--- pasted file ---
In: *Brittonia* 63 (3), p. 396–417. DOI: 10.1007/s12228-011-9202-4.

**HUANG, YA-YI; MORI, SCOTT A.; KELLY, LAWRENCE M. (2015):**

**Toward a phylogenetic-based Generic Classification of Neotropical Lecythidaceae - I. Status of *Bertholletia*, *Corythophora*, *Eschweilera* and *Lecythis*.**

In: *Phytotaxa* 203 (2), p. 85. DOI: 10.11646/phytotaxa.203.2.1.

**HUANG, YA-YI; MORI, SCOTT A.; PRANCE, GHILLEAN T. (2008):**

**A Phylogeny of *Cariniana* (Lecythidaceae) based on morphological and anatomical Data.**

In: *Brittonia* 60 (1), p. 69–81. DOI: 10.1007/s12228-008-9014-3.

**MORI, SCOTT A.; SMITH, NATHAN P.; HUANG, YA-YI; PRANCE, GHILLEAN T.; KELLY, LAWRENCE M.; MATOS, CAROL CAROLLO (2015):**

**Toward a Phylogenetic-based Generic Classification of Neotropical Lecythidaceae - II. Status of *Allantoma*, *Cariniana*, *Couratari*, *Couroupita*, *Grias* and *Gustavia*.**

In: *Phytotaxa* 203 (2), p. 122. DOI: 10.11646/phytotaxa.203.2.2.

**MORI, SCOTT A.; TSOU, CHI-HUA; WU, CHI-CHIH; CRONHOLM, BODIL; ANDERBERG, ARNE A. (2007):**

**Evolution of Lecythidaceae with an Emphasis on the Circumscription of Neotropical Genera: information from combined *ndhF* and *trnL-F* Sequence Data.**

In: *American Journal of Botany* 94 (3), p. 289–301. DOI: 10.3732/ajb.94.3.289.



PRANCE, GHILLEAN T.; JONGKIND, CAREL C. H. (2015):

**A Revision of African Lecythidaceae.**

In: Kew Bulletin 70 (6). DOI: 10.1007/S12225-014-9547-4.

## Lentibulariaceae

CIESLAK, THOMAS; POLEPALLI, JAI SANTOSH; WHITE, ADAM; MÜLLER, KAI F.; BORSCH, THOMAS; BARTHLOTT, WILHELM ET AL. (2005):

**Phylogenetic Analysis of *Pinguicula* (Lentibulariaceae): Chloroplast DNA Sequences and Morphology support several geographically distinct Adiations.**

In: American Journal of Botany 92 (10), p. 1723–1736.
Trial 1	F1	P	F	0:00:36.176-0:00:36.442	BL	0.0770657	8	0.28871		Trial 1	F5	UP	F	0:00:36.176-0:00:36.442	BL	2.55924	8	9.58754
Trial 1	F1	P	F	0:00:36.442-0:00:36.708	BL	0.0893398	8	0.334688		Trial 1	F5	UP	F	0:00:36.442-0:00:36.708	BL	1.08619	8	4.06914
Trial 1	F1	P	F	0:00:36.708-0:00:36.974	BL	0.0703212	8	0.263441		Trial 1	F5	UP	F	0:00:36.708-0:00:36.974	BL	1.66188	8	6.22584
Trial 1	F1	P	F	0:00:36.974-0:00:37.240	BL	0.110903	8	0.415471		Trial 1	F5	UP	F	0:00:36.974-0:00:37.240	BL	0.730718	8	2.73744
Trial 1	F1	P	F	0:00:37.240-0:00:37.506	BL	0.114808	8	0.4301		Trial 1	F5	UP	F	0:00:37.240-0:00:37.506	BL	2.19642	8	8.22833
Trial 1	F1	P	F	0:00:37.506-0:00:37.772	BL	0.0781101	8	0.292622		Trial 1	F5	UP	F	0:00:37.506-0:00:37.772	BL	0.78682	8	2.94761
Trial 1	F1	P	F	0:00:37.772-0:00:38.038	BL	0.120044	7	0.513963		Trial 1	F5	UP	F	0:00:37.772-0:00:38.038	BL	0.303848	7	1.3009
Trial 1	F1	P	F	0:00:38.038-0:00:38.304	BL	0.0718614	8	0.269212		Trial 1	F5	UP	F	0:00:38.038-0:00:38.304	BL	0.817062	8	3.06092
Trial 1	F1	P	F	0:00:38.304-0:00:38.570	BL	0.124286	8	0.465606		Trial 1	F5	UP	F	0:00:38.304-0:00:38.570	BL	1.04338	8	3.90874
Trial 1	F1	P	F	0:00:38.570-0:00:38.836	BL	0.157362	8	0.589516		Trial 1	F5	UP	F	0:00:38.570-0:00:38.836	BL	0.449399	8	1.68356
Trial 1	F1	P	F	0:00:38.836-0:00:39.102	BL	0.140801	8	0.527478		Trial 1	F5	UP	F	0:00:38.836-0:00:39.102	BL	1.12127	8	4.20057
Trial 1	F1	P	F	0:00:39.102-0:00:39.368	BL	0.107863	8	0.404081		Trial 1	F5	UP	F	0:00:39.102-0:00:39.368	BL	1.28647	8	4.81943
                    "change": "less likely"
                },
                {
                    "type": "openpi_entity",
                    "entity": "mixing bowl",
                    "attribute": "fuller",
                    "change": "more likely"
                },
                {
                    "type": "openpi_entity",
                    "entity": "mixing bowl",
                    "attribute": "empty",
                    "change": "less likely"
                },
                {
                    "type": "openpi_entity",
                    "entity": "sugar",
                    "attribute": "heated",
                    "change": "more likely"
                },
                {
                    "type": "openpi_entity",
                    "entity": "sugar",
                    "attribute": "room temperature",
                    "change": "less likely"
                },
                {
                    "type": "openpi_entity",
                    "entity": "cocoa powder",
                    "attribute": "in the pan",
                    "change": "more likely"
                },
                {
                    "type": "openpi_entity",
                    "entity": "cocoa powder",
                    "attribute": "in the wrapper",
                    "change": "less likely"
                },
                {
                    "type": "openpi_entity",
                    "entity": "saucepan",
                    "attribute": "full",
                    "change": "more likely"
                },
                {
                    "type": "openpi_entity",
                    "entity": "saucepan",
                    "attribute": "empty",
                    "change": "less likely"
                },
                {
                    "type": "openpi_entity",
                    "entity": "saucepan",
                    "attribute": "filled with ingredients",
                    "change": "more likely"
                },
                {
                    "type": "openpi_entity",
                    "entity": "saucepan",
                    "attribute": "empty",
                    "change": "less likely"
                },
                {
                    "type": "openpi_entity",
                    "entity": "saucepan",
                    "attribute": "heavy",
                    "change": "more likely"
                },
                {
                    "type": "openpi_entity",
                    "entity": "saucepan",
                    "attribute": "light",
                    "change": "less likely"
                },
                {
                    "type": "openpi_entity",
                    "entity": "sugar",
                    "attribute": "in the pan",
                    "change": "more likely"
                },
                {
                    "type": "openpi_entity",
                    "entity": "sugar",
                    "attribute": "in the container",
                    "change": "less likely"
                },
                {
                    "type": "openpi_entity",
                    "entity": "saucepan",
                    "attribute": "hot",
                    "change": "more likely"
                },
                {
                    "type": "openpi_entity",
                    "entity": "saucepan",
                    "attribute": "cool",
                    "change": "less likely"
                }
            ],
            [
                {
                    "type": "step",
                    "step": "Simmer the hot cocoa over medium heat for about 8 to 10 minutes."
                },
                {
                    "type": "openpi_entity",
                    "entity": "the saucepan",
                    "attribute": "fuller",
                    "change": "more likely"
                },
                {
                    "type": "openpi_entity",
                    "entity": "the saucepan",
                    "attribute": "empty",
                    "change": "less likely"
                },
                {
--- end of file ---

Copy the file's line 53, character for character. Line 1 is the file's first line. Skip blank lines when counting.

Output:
                {